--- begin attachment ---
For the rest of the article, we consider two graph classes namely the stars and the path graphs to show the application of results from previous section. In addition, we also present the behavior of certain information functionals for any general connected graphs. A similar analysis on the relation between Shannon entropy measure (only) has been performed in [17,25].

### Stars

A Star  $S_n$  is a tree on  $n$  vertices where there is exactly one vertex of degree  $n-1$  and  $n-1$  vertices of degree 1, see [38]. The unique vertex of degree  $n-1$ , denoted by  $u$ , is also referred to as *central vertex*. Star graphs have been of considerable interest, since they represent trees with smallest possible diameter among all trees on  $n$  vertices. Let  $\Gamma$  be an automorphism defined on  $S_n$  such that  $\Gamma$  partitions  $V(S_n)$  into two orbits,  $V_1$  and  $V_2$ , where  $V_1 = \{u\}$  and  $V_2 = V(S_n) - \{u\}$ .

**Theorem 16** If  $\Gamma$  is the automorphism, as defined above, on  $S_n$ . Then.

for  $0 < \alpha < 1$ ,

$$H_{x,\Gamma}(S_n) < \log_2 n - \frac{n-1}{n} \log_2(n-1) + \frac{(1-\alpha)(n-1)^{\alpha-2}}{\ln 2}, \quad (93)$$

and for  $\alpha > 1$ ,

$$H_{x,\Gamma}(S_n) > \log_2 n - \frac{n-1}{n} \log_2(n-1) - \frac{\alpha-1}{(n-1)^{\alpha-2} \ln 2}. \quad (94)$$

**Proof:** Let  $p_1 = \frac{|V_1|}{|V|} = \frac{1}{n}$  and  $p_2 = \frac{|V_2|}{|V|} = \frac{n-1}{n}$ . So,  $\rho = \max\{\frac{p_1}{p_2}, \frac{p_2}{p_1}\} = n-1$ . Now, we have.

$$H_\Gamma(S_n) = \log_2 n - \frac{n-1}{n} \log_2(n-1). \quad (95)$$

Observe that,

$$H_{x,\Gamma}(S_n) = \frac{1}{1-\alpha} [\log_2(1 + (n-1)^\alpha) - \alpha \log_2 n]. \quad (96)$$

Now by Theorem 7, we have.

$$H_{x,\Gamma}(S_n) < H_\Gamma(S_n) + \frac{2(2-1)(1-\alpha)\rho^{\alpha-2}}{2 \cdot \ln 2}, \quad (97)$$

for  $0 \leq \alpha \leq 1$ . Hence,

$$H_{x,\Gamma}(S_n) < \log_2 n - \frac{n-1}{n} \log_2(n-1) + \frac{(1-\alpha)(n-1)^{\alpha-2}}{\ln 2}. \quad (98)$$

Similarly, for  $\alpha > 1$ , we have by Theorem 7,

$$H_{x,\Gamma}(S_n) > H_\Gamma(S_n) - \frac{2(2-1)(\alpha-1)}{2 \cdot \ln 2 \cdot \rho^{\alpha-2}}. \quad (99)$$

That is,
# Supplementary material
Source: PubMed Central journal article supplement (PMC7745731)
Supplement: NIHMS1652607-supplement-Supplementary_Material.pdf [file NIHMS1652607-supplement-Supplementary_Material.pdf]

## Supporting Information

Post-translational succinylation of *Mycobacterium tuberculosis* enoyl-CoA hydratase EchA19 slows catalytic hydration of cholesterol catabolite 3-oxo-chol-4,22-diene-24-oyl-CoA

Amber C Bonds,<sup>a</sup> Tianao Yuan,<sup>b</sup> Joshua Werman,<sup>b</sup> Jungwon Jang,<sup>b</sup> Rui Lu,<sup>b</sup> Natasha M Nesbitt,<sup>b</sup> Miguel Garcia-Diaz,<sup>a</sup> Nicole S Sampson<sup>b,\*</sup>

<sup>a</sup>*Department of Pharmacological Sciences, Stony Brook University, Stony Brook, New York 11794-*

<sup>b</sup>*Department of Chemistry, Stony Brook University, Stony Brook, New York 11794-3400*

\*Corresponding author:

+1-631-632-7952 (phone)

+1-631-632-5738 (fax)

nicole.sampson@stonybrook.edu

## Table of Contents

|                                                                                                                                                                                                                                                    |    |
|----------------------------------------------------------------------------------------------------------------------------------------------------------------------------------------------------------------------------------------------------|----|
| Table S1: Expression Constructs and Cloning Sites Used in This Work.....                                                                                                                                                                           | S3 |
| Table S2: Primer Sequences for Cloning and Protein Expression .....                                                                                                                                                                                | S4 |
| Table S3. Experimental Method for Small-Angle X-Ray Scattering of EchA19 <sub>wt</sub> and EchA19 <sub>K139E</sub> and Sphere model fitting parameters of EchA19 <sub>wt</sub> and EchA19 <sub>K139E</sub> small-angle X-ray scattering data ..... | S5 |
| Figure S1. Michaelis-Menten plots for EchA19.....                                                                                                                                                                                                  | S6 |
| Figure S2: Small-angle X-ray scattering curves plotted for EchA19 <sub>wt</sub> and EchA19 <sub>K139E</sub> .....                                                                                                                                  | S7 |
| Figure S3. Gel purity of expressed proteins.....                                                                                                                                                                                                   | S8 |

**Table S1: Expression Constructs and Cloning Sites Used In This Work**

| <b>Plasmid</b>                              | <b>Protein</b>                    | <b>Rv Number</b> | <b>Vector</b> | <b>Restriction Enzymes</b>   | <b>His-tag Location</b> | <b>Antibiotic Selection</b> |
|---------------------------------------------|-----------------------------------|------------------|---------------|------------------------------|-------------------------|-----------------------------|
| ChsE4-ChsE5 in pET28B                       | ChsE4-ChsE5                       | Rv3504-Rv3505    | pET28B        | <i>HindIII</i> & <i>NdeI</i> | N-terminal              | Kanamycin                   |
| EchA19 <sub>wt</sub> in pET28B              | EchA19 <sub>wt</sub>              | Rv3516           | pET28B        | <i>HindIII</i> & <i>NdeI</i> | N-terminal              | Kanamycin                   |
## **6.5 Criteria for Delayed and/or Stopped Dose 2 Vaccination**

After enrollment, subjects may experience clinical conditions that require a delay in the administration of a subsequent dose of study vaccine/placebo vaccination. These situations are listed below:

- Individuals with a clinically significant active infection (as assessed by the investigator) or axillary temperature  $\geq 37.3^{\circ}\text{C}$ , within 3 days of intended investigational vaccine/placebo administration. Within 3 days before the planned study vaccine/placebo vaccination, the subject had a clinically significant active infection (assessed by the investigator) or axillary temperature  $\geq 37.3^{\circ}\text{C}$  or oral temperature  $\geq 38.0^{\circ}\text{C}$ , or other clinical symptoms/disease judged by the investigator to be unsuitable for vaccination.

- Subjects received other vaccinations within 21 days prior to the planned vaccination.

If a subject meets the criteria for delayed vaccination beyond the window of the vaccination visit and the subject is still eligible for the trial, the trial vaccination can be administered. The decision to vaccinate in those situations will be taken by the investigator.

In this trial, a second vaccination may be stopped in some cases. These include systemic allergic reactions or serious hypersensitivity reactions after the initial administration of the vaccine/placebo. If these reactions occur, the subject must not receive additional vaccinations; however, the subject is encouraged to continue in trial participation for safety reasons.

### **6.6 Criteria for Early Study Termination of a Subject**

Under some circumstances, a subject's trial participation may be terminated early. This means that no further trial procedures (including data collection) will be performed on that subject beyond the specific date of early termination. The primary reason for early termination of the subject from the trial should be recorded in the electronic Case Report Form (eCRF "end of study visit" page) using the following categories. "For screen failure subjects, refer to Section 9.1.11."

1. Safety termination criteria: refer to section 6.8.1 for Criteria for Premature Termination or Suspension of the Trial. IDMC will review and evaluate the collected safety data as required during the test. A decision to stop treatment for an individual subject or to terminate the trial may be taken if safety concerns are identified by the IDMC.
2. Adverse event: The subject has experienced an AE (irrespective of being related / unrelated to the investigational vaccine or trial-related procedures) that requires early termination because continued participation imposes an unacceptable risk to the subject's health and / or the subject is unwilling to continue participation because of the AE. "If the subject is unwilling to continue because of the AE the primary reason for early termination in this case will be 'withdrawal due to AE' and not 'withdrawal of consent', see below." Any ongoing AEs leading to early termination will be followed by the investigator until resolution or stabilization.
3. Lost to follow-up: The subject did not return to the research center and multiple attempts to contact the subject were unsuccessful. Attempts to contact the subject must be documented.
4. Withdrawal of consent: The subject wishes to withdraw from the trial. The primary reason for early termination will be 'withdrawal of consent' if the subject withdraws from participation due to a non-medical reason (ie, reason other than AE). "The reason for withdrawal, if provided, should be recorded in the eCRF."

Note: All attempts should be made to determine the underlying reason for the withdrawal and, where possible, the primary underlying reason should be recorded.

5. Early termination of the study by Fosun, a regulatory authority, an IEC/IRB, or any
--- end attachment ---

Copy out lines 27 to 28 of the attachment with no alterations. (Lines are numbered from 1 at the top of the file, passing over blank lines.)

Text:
<sup>b</sup>*Department of Chemistry, Stony Brook University, Stony Brook, New York 11794-3400*

\*Corresponding author: